• Great split step and balance initially, right amount of lateral lean to get out to the ball quickly.

  • Angles at her hips, knees and ankles are perfect to allow her glutes, quads and calf muscles to all help in pushing her out to the ball with each step, as explosively as possible.

  • Her speed out to the ball has allowed her to maintain her upper body posture and not have to reach out too far to hit, thus she hits a better ball more consistently without the shot breaking down.  

  • As she hits and then changes direction, she maintains great posture (chest and shoulders don't dip or slide loss of energy).

  • As she plants her right leg to decelerate and change direction, her hips are back and her knees are over her feet. This again allows for maximal use of her glutes and quads to push herself back into the court for the next shot. 

  • Having maximal speed out to the ball has allowed her to hit a big forehand with balance and power, neutralising what her opponent is trying to do. 















                                                        Fig 1.0                                                                                                           Video 2.0        



Tennis, at the elite level, is a game of fractions of a second. If you are on the run and reaching out for a forehand, what are your options? To hit high and heavy up the line and try to neutralize? To try and rip a winner up the line and hope for the best? If you were even just half a step quicker and half a step closer to the ball you'd have more options, you would not be forced into a shot you don’t want to hit, your opponent would not gain control of the point so easily.


If you are a fraction of a second faster with each step, you could not just neutralise your opponents good shots more easily but you could turn defense into offense more effectively also. It is these little details that make the difference. With every move, every shot, you have a tiny bit more time…the quality of ball you are able to hit more consistently, becomes higher.


In Fig 1.0 above, you can see the elements of agility needed by an elite athlete. The key to putting these elements together is at what time in the training blocks do you work on each element. And how do you teach the player these elements so they can use them on the court without consciously thinking about them. You don't want your player thinking about where to put their foot, which muscle to try and activate when, how hard to push, etc. It all has to be integrated in the overall training program, on and off the court. So that it happens naturally. Then, movement can be a weapon. 


Many players these days like to run around their backhands (especially up the middle of the court) and hit forehands. What does this take to do this effectively and be able to still have time to step around and step in on the ball? It takes a quick push and steps around the ball, to create enough space to produce a quality forehand, a loaded forehand, correct set up, correct ball contact and shot execution. This extra fraction of a second also means you are able to prepare the racquet more correctly, more of the time when you are pressured by opponents good shots. All of this has to to be done so quickly or you are out of position and hitting a weak, easy to attack ball.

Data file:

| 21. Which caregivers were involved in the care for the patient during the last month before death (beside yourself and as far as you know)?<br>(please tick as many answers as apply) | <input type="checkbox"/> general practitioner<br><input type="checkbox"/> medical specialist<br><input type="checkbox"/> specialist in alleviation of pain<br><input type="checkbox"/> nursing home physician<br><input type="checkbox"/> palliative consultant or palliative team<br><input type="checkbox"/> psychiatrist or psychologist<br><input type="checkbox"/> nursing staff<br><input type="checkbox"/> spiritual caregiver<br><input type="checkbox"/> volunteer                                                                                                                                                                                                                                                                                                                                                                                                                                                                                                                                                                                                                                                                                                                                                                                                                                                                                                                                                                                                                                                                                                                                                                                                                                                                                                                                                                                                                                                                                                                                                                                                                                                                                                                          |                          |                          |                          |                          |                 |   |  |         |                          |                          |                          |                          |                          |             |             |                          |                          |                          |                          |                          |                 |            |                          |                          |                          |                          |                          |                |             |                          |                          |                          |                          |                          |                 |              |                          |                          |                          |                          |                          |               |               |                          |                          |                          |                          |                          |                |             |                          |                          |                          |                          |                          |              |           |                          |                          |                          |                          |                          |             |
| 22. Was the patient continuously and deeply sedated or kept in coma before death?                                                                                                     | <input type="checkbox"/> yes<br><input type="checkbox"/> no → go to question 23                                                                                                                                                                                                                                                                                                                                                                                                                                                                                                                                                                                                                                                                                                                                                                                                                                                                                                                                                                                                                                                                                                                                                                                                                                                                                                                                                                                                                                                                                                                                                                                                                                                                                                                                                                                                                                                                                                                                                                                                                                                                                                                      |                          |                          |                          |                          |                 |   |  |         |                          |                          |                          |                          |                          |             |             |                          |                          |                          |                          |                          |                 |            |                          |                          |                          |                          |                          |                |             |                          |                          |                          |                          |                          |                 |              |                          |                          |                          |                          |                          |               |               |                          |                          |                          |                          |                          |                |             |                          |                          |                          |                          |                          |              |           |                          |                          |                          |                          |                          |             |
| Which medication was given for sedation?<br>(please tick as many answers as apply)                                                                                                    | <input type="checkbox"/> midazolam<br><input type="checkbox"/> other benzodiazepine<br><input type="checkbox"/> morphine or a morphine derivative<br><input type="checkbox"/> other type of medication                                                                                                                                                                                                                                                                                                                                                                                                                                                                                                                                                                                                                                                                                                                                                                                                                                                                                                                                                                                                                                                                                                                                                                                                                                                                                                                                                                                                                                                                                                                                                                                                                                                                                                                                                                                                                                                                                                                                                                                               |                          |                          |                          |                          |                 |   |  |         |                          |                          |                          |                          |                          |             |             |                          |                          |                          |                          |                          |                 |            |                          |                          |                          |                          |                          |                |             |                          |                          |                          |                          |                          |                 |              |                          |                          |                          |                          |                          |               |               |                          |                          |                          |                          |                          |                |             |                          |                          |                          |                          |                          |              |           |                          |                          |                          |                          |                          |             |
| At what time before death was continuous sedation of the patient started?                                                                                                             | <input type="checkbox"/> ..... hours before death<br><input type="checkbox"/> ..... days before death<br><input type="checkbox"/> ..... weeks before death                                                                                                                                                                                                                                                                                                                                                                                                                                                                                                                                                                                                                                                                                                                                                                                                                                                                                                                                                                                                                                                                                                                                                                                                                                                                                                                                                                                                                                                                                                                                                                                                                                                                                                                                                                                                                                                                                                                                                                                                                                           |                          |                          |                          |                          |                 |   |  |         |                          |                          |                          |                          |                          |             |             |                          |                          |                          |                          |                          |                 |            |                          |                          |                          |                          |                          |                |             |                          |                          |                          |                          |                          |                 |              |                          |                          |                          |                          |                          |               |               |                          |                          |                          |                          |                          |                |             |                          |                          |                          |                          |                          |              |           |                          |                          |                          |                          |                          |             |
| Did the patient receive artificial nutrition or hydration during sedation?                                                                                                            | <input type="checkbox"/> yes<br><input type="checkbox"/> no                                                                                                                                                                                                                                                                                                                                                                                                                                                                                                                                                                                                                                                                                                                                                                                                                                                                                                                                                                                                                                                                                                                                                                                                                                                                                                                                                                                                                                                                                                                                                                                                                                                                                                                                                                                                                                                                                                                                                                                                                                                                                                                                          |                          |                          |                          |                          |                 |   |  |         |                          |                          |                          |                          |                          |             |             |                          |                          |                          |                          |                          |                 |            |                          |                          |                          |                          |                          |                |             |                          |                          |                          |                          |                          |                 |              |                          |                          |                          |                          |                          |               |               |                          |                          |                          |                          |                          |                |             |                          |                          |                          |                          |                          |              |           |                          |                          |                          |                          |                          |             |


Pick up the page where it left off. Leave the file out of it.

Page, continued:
The second part of explosive movement is in slowing down, deceleration. The ability to slow down rapidly and change direciton. It is just as important as acceleration. In sports training, it is often asked, "How fast would you drive a car with no brakes?" If you are not able to stop efficiently and rapildy when on the run out wide to a ball, then subconsciously, you will not move out to hit at your top speed. You will naturally stay within your safe limit, knowing you can decelerate and change direction under control. Imagine that you have 'better brakes'. Now you can now attack the ball at top speed and get out to a wide ball a fraction of a second faster, knowing that you can 'hit the brakes' the moment you finish your shot, stick a one foot change of direction and recover back towards the center again. This is being able to decelarate efficiently. See the video of Anna Kournikova below (Video 2.0)...maximum speed, great full shot on the run, one foot sudden stop and then recover. This can be taught and developed. 


As you can see in the diagram below, there are many components that have to come together in the right order and in the right amounts to develop a player that can decelerate and then change direction a fraction of a second faster than they do now. 























Working with Azarenka on getting the correct muscles to fire in the correct order for maximal speed and lateral acceleration.